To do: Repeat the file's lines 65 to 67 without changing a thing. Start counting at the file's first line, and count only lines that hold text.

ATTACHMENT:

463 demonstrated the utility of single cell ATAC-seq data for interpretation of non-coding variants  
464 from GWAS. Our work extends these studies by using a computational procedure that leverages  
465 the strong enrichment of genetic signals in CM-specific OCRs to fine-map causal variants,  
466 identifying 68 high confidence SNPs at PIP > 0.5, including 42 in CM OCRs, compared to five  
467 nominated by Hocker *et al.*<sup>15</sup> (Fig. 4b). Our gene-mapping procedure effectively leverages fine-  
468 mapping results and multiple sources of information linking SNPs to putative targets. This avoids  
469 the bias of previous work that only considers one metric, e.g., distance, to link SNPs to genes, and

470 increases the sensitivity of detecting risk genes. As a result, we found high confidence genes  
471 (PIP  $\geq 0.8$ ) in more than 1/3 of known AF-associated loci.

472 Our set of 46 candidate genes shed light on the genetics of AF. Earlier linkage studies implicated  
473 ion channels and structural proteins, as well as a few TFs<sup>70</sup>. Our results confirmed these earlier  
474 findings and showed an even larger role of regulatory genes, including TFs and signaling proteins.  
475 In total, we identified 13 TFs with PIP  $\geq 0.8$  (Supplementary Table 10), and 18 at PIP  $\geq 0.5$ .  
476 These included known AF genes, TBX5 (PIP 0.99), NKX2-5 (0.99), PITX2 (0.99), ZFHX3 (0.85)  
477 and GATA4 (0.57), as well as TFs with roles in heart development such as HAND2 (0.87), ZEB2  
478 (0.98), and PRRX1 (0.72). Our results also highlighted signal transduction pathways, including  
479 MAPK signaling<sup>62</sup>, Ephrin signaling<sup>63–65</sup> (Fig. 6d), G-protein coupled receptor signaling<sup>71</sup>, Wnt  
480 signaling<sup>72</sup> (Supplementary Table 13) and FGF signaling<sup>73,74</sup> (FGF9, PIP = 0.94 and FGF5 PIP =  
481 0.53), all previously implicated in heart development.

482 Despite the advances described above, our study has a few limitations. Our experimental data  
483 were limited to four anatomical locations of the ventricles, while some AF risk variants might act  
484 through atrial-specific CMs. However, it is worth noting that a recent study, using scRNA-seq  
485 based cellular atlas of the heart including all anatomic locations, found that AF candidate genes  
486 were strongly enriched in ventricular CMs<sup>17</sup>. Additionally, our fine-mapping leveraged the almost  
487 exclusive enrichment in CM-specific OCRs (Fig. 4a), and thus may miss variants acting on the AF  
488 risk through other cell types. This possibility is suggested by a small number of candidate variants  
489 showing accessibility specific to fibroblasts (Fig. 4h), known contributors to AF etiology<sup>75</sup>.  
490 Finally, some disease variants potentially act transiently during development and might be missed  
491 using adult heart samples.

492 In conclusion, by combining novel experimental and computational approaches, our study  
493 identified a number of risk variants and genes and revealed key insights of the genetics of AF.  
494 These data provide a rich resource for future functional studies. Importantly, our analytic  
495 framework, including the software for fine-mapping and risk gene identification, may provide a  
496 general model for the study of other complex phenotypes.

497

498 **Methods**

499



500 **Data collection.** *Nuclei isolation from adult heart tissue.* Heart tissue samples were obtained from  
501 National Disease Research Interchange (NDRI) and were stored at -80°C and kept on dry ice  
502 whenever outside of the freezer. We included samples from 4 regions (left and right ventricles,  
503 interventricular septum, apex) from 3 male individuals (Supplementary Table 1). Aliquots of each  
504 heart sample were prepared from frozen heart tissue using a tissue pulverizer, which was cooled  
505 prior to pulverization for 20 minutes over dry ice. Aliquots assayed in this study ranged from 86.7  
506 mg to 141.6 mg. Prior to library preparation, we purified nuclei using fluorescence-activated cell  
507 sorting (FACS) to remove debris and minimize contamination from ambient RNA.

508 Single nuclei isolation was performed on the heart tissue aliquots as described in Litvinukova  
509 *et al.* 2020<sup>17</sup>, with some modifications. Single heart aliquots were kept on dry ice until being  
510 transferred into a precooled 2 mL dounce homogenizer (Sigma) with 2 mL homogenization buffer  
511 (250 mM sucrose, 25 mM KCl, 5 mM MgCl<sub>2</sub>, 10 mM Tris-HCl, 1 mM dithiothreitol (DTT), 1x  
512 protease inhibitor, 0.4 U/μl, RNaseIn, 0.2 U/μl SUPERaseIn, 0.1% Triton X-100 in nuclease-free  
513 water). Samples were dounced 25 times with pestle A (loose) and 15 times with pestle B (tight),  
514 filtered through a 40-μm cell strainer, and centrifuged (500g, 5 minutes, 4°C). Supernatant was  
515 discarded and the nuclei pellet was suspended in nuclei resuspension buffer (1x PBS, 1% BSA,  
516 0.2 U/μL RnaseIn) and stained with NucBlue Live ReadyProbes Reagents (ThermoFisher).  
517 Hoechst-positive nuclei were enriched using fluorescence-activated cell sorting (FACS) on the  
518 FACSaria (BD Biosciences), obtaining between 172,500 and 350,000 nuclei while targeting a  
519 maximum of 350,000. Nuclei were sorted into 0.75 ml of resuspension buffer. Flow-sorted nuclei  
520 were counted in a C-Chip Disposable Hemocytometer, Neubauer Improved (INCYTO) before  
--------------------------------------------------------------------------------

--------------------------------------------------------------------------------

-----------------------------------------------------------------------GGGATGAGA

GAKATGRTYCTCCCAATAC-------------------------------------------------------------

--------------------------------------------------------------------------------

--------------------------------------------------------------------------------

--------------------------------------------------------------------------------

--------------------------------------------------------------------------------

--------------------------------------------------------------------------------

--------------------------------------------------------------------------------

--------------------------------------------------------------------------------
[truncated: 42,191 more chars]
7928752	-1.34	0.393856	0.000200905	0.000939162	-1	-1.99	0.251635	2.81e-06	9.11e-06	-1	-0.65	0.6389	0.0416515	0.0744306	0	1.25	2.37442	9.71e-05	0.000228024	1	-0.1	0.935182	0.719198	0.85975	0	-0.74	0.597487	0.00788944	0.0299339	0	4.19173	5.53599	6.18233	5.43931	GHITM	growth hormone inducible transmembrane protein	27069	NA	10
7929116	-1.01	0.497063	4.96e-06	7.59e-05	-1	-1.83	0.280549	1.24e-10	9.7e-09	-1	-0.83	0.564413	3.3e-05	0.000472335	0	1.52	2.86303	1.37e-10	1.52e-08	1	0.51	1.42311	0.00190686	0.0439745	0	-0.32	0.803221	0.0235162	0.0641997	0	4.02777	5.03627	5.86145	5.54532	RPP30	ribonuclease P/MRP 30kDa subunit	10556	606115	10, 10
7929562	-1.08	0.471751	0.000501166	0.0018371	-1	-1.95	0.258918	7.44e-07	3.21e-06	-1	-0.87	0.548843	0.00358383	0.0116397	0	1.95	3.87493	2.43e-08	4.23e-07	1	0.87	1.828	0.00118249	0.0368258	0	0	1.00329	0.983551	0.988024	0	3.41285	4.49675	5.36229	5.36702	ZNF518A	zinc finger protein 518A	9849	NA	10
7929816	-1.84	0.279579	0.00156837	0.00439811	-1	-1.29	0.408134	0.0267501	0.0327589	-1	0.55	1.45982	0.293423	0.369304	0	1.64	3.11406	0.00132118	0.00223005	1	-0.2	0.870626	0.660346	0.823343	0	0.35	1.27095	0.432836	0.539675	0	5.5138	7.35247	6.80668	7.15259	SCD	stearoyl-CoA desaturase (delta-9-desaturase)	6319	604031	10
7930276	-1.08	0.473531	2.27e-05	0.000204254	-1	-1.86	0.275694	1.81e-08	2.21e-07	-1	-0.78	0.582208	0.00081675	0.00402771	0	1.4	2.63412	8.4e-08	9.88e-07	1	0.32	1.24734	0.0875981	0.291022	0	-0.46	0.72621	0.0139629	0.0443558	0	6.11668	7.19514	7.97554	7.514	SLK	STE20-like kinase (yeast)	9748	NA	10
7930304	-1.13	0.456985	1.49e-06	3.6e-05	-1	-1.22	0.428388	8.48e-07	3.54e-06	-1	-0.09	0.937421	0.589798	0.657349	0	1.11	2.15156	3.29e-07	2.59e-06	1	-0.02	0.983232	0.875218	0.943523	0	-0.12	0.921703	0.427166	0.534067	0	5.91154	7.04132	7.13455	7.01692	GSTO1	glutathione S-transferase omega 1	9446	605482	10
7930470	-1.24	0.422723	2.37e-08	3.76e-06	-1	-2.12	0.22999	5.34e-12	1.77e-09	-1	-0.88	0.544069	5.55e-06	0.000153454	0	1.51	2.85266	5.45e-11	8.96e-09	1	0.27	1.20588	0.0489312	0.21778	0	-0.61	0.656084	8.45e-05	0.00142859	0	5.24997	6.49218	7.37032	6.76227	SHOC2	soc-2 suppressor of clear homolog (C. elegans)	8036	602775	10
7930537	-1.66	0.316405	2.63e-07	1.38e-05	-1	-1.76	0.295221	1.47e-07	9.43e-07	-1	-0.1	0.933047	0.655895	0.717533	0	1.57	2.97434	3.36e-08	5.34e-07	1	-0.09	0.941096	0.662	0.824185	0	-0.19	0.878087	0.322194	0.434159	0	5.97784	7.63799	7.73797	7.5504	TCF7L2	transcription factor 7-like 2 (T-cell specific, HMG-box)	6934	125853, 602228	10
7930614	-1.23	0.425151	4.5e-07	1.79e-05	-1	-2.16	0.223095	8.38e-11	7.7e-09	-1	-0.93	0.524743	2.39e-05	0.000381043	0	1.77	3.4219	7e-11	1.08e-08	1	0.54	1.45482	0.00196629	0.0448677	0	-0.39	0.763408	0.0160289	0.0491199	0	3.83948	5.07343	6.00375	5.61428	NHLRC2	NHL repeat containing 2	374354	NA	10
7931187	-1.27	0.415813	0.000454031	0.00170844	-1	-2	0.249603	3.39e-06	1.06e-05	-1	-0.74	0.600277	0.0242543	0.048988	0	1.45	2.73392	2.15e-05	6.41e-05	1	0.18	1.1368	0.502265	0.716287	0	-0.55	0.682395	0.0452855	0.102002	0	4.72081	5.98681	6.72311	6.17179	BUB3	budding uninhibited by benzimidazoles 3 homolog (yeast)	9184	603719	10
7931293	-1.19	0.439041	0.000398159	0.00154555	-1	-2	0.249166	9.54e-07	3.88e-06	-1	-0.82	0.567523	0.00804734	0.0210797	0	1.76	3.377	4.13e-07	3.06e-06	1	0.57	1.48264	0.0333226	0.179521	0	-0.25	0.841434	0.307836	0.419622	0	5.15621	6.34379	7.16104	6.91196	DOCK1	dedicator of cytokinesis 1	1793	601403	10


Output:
--------------------------------------------------------------------------------

--------------------------------------------------------------------------------

--------------------------------------------------------------------------------